Mile 5 onwards was the standard Scioto Miles run so I knew where I was going and what to look forward to. However at mile 6 the marker was missing so I wasn’t really sure when to start the sprint towards the end. Probably just as well as I was thinking the run was 6.1 miles and not the 6.2 and would have started early. As it was I got a good sprint in at the end – I could hear Jamie and her cowbell ringing away but didn’t have the time to look around to see where she was.
I hit the finish line in 58 *something and it was cool to have a kid come running up to me with some water to cool down and hear several people shouting congrats to me. I had no idea who they were but it felt really good. Thanks to Jamie for taking a photo after the race.
After taking some time to cool down in a malfunctioning hose that acted as a sprinkler (good find Melanie and Mike) I went up and got my sausage and pancakes and a banana. Tasted *really* good – a definite bonus to running this race.
Hanging out with the other runners was fun to congratulate people as they came in, with Chris getting a 2nd place in her age group – so congrats to her. Then it was time to line up with other cbus runners for a group photo – I have a strong suspicion I’ll be in the cbus pacers newsletter again 😉
The other weird thing is that although I felt fine during the run and didn’t notice anything – I’ve had my first case of wishing I had Bodyglide when walking around the house this afternoon. I guess it’s better to have it now rather than mile 6 on a marathon, but it’s weird that I’ve never needed it before.
329/589 (Top 50% now!)
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Be warned this is a long post – but I make no apologies for that – I’ve been 4 months in training and a great accomplishment. (I do however apologise for the extra dose of estrogen when my finishing line post contained too much squeeeeee. There were a lot of female runners around and I think it transferred to me)
I had got all of my stuff ready on Fiday night (as I lead an exciting life like that), and pinned the bib to the tshirt. As I had been up early the day before I knew that 6am was going to be warm enough to not require any extra trousers or jumpers over the running gear so I now have a new sweatshirt to wear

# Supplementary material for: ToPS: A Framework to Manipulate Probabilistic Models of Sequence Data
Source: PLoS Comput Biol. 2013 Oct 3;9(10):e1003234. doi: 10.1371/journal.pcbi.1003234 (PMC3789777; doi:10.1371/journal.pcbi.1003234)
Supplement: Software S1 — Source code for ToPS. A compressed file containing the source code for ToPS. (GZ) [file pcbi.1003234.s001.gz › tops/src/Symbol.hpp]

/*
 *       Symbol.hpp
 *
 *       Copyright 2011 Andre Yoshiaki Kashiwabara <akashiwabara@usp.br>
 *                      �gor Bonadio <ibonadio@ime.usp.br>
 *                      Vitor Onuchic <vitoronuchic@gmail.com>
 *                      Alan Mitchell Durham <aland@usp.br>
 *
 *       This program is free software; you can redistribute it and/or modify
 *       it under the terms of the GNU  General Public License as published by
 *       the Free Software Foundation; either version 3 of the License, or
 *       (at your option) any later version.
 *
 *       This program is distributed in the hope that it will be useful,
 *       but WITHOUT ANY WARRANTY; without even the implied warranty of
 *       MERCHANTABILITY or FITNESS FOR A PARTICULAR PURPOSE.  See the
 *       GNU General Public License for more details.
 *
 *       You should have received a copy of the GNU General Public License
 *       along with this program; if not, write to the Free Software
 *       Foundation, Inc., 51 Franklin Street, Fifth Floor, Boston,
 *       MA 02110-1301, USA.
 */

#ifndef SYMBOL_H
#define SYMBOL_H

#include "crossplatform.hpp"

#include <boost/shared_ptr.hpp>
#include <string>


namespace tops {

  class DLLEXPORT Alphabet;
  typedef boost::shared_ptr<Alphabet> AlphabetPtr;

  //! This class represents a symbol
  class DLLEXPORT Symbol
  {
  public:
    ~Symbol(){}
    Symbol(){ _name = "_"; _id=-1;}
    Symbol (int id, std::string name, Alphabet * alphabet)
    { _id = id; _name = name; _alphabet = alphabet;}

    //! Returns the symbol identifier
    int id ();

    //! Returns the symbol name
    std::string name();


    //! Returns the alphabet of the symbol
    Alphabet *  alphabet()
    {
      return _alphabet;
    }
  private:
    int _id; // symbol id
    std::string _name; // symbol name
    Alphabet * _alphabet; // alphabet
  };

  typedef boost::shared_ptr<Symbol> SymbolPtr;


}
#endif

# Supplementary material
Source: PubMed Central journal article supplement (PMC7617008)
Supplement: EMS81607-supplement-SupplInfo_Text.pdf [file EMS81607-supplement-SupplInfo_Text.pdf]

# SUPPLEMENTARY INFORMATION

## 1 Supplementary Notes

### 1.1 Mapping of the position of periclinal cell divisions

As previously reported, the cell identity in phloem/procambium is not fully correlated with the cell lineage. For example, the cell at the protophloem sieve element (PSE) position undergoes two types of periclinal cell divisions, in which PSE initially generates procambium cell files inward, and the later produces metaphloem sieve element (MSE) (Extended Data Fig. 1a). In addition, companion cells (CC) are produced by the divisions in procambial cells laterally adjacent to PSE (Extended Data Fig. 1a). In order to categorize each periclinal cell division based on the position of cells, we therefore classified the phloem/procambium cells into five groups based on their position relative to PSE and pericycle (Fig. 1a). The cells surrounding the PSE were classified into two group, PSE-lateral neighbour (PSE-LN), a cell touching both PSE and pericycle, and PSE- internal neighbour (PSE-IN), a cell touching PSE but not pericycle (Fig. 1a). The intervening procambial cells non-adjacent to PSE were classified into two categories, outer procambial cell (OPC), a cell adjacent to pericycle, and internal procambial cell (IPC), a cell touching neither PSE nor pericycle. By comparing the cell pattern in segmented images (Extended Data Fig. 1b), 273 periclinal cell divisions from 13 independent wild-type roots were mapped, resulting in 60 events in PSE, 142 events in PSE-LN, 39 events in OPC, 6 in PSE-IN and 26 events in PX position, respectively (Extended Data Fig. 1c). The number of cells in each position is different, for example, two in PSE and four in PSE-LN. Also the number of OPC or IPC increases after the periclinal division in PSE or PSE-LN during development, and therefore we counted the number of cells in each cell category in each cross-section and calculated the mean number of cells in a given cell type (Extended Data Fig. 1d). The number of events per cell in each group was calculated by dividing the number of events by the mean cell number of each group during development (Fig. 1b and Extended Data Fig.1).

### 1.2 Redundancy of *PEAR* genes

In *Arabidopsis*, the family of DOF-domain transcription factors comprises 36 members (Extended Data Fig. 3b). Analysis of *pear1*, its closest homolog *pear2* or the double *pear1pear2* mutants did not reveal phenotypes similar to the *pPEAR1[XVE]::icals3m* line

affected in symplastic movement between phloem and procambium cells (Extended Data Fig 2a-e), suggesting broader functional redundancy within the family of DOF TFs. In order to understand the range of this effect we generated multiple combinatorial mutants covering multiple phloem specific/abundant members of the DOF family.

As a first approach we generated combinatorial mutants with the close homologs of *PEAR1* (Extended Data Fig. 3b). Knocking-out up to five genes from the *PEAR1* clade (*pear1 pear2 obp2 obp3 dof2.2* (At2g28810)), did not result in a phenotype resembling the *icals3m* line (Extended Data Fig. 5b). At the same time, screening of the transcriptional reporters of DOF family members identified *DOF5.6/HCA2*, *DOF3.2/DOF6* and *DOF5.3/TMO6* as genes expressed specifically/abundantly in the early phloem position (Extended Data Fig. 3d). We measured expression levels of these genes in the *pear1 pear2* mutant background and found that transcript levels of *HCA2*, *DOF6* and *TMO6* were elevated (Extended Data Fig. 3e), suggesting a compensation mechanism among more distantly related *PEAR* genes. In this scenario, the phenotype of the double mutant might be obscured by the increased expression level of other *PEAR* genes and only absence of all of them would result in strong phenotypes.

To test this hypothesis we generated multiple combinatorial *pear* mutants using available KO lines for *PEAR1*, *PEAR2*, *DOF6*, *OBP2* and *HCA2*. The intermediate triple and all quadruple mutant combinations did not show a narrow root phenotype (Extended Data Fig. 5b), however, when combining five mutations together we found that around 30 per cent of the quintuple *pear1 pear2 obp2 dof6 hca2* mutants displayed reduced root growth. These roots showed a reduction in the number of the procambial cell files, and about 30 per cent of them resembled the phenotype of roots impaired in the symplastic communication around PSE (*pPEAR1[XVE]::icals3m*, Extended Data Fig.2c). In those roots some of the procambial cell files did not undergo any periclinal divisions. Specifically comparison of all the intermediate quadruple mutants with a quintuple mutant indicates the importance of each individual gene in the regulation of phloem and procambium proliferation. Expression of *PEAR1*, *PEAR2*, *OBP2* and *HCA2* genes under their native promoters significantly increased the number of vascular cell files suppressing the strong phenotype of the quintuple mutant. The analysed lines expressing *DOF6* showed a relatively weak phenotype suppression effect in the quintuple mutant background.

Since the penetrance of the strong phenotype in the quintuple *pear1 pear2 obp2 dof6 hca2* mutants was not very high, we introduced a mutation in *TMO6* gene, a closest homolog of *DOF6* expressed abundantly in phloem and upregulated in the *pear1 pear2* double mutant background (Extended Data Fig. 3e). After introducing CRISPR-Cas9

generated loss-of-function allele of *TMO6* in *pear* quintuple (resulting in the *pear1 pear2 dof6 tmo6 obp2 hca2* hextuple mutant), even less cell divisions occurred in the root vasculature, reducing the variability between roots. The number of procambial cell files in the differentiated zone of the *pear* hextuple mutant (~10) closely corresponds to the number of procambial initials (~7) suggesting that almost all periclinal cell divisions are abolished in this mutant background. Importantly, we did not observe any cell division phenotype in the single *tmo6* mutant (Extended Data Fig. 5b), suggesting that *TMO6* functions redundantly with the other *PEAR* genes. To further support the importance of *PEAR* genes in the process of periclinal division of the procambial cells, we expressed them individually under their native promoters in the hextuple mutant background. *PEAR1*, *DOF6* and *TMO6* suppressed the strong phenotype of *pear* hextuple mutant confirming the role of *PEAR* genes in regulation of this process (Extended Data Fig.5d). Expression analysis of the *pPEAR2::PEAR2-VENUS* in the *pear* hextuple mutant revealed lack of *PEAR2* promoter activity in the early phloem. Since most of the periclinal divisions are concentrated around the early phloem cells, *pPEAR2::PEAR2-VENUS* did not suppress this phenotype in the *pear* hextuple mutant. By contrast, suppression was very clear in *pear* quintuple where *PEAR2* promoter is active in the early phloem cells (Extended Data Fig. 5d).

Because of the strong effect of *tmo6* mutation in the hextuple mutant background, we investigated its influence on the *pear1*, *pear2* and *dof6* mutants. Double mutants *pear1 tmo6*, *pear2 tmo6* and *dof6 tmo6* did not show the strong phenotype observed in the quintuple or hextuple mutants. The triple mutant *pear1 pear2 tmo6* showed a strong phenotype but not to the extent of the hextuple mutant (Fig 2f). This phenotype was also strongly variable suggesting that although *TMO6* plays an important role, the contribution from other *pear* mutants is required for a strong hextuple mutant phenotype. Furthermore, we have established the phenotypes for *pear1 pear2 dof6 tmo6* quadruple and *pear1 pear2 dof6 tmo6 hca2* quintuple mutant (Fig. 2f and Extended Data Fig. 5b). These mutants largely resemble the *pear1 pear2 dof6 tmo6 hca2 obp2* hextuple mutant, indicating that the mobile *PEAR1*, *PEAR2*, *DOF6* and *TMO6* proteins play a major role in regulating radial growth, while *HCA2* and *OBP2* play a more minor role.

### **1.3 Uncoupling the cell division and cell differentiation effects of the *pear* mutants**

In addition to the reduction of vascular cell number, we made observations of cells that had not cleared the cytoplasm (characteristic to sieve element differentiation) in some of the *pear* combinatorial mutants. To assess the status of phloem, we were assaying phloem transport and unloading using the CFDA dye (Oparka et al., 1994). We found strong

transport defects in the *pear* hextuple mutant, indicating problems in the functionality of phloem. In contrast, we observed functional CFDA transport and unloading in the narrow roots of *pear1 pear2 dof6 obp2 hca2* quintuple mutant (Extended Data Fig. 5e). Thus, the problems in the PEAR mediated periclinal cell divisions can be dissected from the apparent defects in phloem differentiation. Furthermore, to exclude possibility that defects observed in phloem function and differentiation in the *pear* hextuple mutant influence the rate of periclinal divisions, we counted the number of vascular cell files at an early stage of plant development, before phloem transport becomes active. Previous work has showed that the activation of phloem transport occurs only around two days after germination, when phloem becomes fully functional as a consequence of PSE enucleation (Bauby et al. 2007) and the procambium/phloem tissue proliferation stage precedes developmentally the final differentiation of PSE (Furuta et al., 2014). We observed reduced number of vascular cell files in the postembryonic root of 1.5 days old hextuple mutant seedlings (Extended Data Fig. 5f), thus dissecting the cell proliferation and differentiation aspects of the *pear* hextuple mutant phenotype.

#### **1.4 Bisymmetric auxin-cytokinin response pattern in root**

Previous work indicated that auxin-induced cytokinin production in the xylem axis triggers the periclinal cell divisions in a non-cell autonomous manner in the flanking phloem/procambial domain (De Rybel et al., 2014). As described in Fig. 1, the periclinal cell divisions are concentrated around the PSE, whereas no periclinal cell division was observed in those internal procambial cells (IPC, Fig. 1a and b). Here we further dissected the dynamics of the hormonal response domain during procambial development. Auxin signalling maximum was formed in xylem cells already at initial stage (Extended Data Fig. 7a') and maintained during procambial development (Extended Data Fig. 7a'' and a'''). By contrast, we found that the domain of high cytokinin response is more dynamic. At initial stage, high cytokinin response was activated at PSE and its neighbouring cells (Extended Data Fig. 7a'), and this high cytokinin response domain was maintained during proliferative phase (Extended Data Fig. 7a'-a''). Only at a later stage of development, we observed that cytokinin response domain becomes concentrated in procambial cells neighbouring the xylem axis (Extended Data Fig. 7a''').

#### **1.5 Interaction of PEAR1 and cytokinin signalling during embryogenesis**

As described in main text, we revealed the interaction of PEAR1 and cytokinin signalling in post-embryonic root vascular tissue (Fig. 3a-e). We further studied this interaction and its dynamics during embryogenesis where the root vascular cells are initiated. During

The day of my first Marathon started early, far too early at 4am when I woke up before the alarm.
I rolled over to see what the time was and enjoyed the extra 30 minutes before the alarm went off. What I don’t understand is how Basil hears me wake up and then yelps outside the door at 4 in the morning – ugh – not what you want to hear.
Anyway, a quick shower, breakfast, coffee, check email and facebook and I was heading downtown at 5.40am
The guide had said that we would need to be in the corrals by 740 for the 8am start and that they recommended getting there an hour before then. However if *everyone* got there at 6.40 the traffic would be a nightmare so I figured I’d get there early and just people watch before the start of the race.
6am on the dot I arrive at Columbus Commons downtown. Some of the roads had already been blocked off but there were very few people around. I scored a parking spot right by the exit of the parking garage so it would be easy to get out. Got everything together and wandered through the commons.
It was a really nice morning out – a bit misty/foggy/overcast but seemed to be perfect weather for running. People were scurrying around doing last minute additions and changes to the various booths and there were no lines for the portaloo’s. I took a couple of photos of the area and walked over to the finishing line and took a photo. They were in the middle of sorting out the medals on the table. Seeing all those medals on the table was pretty impressive and I knew that in a couple of hours one of them would be hanging around my neck.
6.40am I had finished my coffee and proceeded to slather myself in sunscreen- I didn’t want to get burnt during the race and the temperatures were calling for a high of 79 – probably later in the day but I wasn’t going to take any chances.
It did feel a bit weird putting on sunscreen at 6.40am in a overcast day but better safe than sorry. Dropped the bag off and headed towards the start line. As I walked past the finishing line again I got a real whiff of oranges that they were cutting up for us to eat at the end of the race. They smelt really good but I did wonder why they were cutting them up so early but with that many oranges and that many people they had to start early. The segments were then put in little ziplock bags to prevent them drying out.
Down at the start I wandered around and kept an eye out for any of the turtles from the running club. Eventually I saw Jennifer in her bright pink running shirt and Chris. It was funny meeting them for the first time even though we’d chatted on facebook as we’d prepared for this race the past 5 months.